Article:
New contracts and operational improvements have driven a 32.6% increase in underlying operating profit at travel site operator SSP Group.The global business, which operates UK travel sites for brands including Starbucks and Upper Crust, reported operating profit of £55.2m in the six months to 21 March on revenue up 11.9% at constant currency to £1,177.8m.In the UK, the business reported a 1.2% increase in revenue to £369.5m, with growth in the air sector stronger than the rail sector, which SSP described as “remaining soft”. The business added, however, that it had been impacted by the closure of Monarch Airlines last year and reduced schedules from Ryanair.Underlying operating profit for the UK rose 12.5% to £33.4m, with operating efficiency programmes and lower depreciation offsetting reduced like-for-like sales and inflation in food and labour costs.The company announced it had recently secured a partnership agreement with London-based healthy food and juice chain Crussh to take the brand into rail and airport locations in the UK and Europe.”SSP has delivered another strong performance in the first half of 2018,” said SSP Group CEO Kate Swann. “Operating profit was up 32.6%, driven by good like-for-like sales growth, significant new contract openings and further operational improvements.”“Looking forward, the second half has started in line with our expectations and while a degree of uncertainty always exists around passenger numbers in the short term, we continue to be well placed to benefit from the structural growth opportunities in our markets and our programme of operational improvements.”
Interested parties should state performance, gross of fees, to the end of September.The closing date for applications is 8 November.The IPE.com news team is unable to answer any further questions about IPE-Quest tender notices to protect the interests of clients conducting the search. To obtain information directly from IPE-Quest, please contact Jayna Vishram on +44 (0) 20 3465 9330 or email [email protected] Investment consultant Kieger has tendered a $50m (€36.5m), global, large-cap equity mandate on behalf of an undisclosed institutional investor, using IPE-Quest.According to search QN1347, applicants should have at least $1bn in assets under management (AUM) for the mandate and $10bn in AUM for the company itself.They will also need a track record of at least five years.Asset managers are to measure performance against the MSCI ACWI, keeping tracking error between 2% and 10%.
Security Council urges ‘effective, comprehensive’ steps to end tensions in South Sudan The United Nations security council has expressed its disappointment at the failure of South Sudan parties to reach an agreement that would bring a lasting solution to the ongoing conflictThe 15-member body underscored the seriousness and urgency of the situation on the ground in South Sudan and reiterated its strong condemnation of the repeated violations of the Cessation of Hostilities Agreement, accepted and signed by both the Government and opposition forces last year.Peace talks held in Ethiopia, brokered by the east African regional bloc IGAD, have resulted in a string of broken ceasefires, and the last round of talks collapsed on March 7.Since then, both sides have confirmed the outbreak of fresh fighting on several fronts in the oil-rich north of the country.The Security Council has repeatedly threatened both sides with sanctions since the peace talks failed, although none has yet been imposed.However it has reiterated its intent to impose sanctions on both parties in order to push all parties to form a Transitional Government of National Unity and to take effective and comprehensive steps to end military operations and all acts of violence.The current situation in South Sudan has deteriorated steadily over the past year since political in-fighting between President Salva Kiir and his former Vice-President, Riek Machar, and their respective factions erupted in December 2013.The hostilities subsequently turned into a full-fledged conflict that sent nearly 100,000 civilians fleeing to UN bases around the country.The crisis has dispalaced an estimated 1.9 million people and risked the lives of anbother 7 million who are faced with hunger and disease.Currently, UN bases are sheltering over 110,000 internally displaced persons (IDPs) with an additional 1.5 million others displaced throughout the country and 500,000 outside the country.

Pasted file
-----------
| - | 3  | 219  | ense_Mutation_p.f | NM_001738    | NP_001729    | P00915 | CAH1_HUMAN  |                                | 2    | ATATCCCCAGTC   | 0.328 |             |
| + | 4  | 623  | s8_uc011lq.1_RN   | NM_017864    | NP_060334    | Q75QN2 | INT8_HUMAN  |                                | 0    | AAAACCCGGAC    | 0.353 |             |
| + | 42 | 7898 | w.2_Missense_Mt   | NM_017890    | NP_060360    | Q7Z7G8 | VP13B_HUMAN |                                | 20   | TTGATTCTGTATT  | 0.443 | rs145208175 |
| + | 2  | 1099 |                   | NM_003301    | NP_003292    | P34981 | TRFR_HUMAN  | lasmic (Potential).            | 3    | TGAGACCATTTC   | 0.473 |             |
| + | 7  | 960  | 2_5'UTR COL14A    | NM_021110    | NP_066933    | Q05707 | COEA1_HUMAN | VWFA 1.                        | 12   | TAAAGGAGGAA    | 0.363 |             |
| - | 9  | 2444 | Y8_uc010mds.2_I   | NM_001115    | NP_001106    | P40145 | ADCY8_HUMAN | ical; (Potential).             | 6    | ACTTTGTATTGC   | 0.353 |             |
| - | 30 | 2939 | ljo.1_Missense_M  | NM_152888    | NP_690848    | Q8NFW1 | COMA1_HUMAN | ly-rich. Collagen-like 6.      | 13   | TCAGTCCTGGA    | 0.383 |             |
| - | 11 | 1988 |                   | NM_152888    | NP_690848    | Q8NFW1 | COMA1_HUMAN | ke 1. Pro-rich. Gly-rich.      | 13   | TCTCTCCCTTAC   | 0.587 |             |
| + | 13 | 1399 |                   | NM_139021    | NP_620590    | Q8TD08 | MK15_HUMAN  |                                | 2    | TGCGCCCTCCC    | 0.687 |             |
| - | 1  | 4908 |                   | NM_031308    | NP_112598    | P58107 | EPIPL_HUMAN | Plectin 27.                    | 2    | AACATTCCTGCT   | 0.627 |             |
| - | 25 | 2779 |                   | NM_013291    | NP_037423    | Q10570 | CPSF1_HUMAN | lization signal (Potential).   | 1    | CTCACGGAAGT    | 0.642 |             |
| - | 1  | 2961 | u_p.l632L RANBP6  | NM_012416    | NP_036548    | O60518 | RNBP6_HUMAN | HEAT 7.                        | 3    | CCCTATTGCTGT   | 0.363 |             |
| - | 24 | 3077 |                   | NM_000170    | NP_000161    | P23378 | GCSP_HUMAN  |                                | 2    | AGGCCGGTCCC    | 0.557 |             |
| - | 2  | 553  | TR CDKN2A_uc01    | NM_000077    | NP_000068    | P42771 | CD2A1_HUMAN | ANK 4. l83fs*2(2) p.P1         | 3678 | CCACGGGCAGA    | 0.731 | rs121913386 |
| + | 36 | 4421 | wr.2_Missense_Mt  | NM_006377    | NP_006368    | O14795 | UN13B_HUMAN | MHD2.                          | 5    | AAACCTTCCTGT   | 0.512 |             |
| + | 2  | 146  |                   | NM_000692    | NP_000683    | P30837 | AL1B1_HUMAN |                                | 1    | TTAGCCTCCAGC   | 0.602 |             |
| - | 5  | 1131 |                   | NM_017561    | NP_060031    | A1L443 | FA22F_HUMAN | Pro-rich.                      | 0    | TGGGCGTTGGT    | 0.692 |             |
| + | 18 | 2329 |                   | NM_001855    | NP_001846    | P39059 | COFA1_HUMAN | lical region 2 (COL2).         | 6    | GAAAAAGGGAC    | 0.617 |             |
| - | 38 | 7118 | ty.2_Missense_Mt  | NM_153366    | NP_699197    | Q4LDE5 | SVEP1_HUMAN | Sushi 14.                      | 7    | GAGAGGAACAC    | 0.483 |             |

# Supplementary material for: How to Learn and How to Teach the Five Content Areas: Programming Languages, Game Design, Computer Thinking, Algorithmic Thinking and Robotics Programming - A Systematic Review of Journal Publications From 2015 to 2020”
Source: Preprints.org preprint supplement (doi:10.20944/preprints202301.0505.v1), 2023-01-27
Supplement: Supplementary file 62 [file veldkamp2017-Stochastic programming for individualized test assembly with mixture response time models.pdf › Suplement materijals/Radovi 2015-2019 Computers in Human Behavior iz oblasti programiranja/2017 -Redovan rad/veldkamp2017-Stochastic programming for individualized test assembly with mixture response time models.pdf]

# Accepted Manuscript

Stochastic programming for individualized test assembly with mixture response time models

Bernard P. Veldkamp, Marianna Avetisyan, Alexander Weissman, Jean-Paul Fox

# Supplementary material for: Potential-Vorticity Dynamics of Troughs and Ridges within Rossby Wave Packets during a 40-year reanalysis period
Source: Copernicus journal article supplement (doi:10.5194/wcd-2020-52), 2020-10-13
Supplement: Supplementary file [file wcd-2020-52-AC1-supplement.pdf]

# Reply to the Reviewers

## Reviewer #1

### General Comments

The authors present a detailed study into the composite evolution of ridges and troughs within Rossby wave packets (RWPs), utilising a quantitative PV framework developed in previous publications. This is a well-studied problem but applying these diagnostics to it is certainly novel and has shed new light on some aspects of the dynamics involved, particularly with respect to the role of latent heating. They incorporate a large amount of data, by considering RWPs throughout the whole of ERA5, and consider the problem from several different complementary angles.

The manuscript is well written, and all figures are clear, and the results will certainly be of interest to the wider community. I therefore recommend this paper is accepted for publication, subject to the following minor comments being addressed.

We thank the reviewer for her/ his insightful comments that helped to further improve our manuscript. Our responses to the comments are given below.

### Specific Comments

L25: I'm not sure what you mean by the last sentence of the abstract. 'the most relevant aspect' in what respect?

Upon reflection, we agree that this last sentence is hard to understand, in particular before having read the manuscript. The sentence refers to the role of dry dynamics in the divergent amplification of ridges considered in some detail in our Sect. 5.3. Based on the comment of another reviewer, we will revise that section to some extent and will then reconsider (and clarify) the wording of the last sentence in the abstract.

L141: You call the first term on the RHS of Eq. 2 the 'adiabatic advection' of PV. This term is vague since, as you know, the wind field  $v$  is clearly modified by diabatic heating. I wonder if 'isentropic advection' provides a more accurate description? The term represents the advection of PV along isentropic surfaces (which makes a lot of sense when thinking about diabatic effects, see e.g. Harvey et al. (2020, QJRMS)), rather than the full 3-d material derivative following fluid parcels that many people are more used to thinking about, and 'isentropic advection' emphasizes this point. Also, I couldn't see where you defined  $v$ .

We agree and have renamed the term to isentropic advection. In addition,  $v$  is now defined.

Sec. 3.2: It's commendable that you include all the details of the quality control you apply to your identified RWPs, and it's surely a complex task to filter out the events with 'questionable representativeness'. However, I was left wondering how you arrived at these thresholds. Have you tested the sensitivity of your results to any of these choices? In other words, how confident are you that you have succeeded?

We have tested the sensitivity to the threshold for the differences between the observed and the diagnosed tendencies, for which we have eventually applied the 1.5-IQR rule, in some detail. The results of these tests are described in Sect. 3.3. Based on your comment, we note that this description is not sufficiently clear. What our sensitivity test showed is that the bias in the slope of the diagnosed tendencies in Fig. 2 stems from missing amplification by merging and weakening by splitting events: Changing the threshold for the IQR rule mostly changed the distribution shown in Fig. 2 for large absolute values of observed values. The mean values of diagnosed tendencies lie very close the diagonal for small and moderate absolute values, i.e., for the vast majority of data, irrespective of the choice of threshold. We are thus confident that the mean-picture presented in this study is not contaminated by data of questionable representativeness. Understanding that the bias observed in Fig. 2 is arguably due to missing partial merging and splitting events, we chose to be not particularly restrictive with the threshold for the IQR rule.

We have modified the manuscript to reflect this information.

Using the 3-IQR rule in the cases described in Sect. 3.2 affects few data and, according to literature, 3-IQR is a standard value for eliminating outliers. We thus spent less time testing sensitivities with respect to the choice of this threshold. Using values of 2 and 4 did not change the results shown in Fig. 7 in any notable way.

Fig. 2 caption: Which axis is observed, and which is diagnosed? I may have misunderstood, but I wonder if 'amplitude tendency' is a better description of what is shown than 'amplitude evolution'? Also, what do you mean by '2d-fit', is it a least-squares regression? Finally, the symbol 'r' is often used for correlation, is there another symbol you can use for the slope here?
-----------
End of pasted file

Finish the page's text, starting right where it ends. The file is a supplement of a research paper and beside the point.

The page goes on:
According to Baseball America, as of Friday morning, 15 teams have committed to paying their minor-leaguers the standard stipend of $400 per week — on average, that was a raise for Single-A and Double-A players, and a reduction for Triple-A players — at least through the end of June. Some teams, like the Mariners, Padres and Marlins, have already committed to paying their minor-leaguers through the scheduled end of the season. MORE: David Price pledges $1,000 to Dodgers minor-leaguersIt’s not yet known what the other 14 teams will do, but to this point, the A’s are the only team that has decided not to pay its minor league players. How much is that saving the A’s? Just some rough math. Say there are 200 players in a minor league system. Paying each $400/week for July, July and August is $5,200 per player. To pay every minor leaguer would have cost the Oakland A’s a hair over $1 million.Owner John Fisher is worth an estimated $2 billion.— Jeff Passan (@JeffPassan) May 27, 2020The A’s, as noted by Passan, are owned by John Fisher, who has a reported net worth of $2.1 billion, according to Forbes. He’s the youngest son of Gap founders Doris and Donald Fisher. So when we say it’s a choice, it’s just that. John Fisher’s hand is not being forced. He’s not facing insolvency if he pays his club’s minor-leaguers what they’re owed, or what other teams are paying their minor-league players. He’s just choosing not to pay his minor-leaguers — and others in the organization — anything to save a few bucks while baseball is stopped. Seems like a poor human choice, but it’s not my money and he didn’t ask me how to spend it. The A’s aren’t the only team cutting minor league costs, it also should be noted. This week was a disaster for minor league players, as hundreds of players across the sport were released on Wednesday and Thursday. But here’s a question that immediately came to mind with Oakland’s news: If the A’s are no longer paying their minor-leaguers, shouldn’t those minor-leaguers now be free agents? Logically, that makes sense, and it would be the case for pretty much any other person impacted by the coronavirus. And that’s the case for far too many Americans, as the U.S. unemployment rate hit 14.7 percent in April and is almost certainly higher now. MORE: A’s soil ‘lovable underdog’ image by not paying minor-leaguersI already knew the answer to that question, and I’m sure you do, too. Here’s an email from A’s general manager David Forst to the club’s minor-leaguers. Here is the email David Forst sent to players today: https://t.co/rwHqiAeKla pic.twitter.com/rEZK2RC1eZ— Robert Murray (@ByRobertMurray) May 27, 2020Basically: “We’re not going to pay you, but you’re still prohibited by the terms of your contract from seeking employment elsewhere.”I asked Garrett Broshuis, a former minor league pitcher who is now an attorney with a long history of advocating for the rights of minor-leaguers, for his thoughts on the subject. “No other industry in America operates like this,” Broshuis said. “It’s such an unreasonable expectation, to think that even though I’m not paying you anymore, you can’t go and take your skills that you’ve worked so hard to develop and earn a living somewhere else. It highlights the complete ridiculousness of this contract, which is a contract out of the 1920s still, with the fact that they own your rights for so long, and there’s very little the player can do about it.”The A’s are using Paragraph 23 of the Uniform Player Contract, a section that addresses suspension of a contract. Here’s the standard contract; scroll down to XXIII.So do the A’s minor-leaguers have any real legal recourse?“It would take a Curt Flood-like player to actually challenge it,” Broshuis said. “It would be a variabled action, most likely would take an actual legal action in court, because it’s difficult to see how the commissioner’s office would come out with an alternative interpretation. It would take a very brave player to challenge something like this.”First of all, only a handful of players would even make sense. It would have to be someone who doesn’t figure to be in the mix at the big-league level this year, even with the expanded rosters. But, it also would have to be a minor-leaguer good enough that the A’s wouldn’t want to just cut him to end the hassle (allowing him to be a free agent). And it would have to be someone not concerned how his legal actions would impact how other baseball teams see him. MORE: Explaining the controversial pay cuts owners want players to accept But here’s the biggest thing: It’s probably not worth the effort because the timeline just doesn’t make sense. It seems likely that minor league baseball will resume in 2021, which means we’re really only talking about three months of pay the A’s minor-leaguers are missing (the minor league regular seasons finish at the end of August). The legal process would certainly take much, much longer. Flood’s case started in 1969 — he refused report after an October trade sent him from the Cardinals to Phillies — and wasn’t resolved until the United States Supreme Court ruled in MLB’s favor in June 1972. So, basically, the A’s ballplayers have no real recourse. Even though the club isn’t going to pay them, they can’t become free agents and there’s really nothing they can do about it. The MLBPA isn’t primarily concerned with players until they reach the majors, and the MLBPA has other pressing matters to deal with at the moment. Minor league players don’t have their own union, though Broshuis is part of Advocates for Minor Leaguers, a new organization founded to help represent minor league players. Broshuis has long been leading the charge to raise salaries for minor league players, and this is an extension of those efforts. “It just goes to show the root of the issue, which is the lack of representation. Minor-leaguers have never had a union, they’ve never had somebody looking out for their interest” Broshuis said. “This contract has changed very little in the last 100 years. That is the void we’re stepping into. This situation highlights why an organization like ours is so desperately needed, and why we need to grow this organization, and why we need to be out there advocating on behalf of these players. They need it more than ever.” The Oakland A’s have decided not to pay their minor league players for the rest of the season. That’s their choice, first reported by the San Francisco Chronicle on Tuesday.The A’s, along with every other MLB team, initially committed to paying their minor-leaguers $400 per week through the end of May as the sport deals with the impact of the shutdown caused by the coronavirus pandemic.